Farm Progress

Processing facility will provide a new market for hog farmers in northwest Iowa and bordering states.

June 28, 2017

3 Min Read
MORE HOGS, MORE JOBS: Executives of the new $300 million Seaboard Triumph pork processing plant at Sioux City say filling about 2,000 jobs over the next 18 months could be difficult because unemployment in the area is so low.

The new $300 million pork processing plant being built at Sioux City is set to open in September, giving hog farmers in northwest Iowa and bordering states a new market. Officials of Seaboard Triumph Foods outlined their plans at a press conference at the recent World Pork Expo in Des Moines.

“We’re still on schedule and getting close to opening,” says Mark Porter, CEO of Seaboard Triumph. “We are planning to begin operations no later than the first week of September.” The Sioux City plant is an equal partnership between Seaboard Foods and Triumph Foods.

Company officials say the Sioux City location gives them good access to a supply of market-ready hogs. The plant has access to transportation, an experienced workforce and a pro-business environment. “We’re very happy to be in Sioux City,” says Terry Holton, president of Seaboard Foods.

New plant will help boost hog prices
The facility is initially set to process about 10,000 hogs per day in a single shift. Seaboard Triumph officials say they plan to expand to a second shift next year, raising daily processing capacity to 21,000 hogs.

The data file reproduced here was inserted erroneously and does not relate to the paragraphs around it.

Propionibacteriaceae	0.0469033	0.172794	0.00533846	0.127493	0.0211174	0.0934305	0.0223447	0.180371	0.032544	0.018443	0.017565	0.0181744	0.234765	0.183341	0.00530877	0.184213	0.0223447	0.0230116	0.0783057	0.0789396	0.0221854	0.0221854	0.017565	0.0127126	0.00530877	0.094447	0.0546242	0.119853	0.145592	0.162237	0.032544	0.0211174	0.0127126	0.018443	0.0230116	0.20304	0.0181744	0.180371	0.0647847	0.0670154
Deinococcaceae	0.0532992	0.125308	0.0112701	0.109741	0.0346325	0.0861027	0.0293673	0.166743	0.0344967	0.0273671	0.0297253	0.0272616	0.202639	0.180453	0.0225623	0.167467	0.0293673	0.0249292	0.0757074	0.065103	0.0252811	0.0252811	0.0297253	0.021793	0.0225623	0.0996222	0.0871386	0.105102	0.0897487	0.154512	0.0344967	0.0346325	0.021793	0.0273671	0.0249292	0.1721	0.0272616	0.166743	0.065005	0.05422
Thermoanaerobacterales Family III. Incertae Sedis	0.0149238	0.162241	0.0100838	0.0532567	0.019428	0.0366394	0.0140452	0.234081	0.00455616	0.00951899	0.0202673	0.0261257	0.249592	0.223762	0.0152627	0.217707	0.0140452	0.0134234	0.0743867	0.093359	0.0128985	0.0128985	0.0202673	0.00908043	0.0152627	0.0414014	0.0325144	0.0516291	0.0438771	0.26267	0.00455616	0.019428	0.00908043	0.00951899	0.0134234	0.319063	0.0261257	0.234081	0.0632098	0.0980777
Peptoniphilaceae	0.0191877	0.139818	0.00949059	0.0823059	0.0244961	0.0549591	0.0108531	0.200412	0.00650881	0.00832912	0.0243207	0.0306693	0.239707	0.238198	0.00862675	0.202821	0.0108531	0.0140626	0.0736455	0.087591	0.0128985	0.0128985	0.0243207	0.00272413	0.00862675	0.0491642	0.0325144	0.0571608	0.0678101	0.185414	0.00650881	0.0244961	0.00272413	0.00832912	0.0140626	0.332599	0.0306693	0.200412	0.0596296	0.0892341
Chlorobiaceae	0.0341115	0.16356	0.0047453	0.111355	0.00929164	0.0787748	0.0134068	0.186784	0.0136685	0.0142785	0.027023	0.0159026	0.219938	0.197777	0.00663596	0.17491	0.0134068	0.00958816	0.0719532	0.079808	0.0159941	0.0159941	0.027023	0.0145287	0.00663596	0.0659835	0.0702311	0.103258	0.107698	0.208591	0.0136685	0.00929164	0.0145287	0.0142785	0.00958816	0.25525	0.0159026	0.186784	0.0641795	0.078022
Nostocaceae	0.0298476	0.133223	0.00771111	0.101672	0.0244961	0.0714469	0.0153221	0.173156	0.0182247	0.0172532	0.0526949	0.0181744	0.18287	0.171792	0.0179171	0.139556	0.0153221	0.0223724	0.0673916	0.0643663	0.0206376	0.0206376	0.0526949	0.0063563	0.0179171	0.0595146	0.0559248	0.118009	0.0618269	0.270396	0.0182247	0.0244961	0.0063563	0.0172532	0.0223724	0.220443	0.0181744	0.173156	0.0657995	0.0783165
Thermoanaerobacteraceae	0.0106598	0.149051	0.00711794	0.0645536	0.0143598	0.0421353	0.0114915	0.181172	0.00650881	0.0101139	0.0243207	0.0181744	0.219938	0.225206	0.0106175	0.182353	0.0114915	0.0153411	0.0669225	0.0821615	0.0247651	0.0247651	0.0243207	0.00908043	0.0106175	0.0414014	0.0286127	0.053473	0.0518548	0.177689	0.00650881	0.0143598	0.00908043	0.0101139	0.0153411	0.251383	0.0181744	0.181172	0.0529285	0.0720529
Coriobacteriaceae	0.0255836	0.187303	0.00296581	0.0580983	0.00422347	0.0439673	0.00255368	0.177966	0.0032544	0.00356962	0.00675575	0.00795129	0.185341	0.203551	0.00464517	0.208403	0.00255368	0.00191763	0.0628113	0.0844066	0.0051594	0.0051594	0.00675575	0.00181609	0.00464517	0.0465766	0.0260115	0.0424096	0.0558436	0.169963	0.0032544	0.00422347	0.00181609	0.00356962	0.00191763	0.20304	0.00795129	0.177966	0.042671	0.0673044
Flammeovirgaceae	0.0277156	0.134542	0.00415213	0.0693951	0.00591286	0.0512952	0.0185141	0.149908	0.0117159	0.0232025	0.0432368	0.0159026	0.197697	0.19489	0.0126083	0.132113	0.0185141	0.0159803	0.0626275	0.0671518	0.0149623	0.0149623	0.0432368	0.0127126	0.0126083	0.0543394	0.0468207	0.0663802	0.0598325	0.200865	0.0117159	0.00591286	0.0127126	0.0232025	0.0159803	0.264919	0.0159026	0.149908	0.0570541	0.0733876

Seaboard and Triumph will each supply one-third of the hogs for the packing plant from producers who already contract to sell to each company. The remaining one-third of the hogs will be purchased from independent producers. The companies have been actively seeking production contracts with local farmers in recent months, preparing for the plant’s opening.

“One of the questions we get is what impact will the plant have on hog prices?” says Holton. “It will probably raise them, because we have new capacity and it will add to the demand for hogs. That’s how the market works.”

Filling 2,100 Iowa jobs may be tough
Seaboard Triumph plans to slowly ramp up production this fall as it trains new employees. The plant will create 1,100 new jobs, accounting for $48 million in payroll initially. The starting wage for production workers is expected to be $15. Holton says the majority of the jobs will be filled by local residents, adding to wages in a region that already has a relatively low unemployment rate. Sioux City’s unemployment rate has been running slightly below Iowa’s 3.1% unemployment rate.

Seaboard Triumph is also working with city and state leaders to assist immigrant refugees who are in need of jobs to fill some positions, says Porter. While the plant will initially employ 1,100 workers, officials expect to add an additional 1,000 workers by next summer, when it begins operating a second shift. Filling the 2,100 Iowa jobs may be tough, considering there are competing livestock and poultry processing plants in the area.

Immigrant refugee workers can help
In addition to recruiting workers regionally, Seaboard Triumph is working with the state of Iowa to make Sioux City a primary refugee resettlement location. The company has also talked with government agencies about supplying workers through a federal visa program.

“If we create the right working environment for people and offer fair benefits and wages, we believe we can attract the workers we need,” says Holton.

Another pork processing plant is under construction in northern Iowa. Prestage Foods, headquartered in North Carolina, is building a $240 million pork processing plant that’s expected to open in 2019. This plant, in Wright County in north-central Iowa, is expected to initially employ 920 workers.



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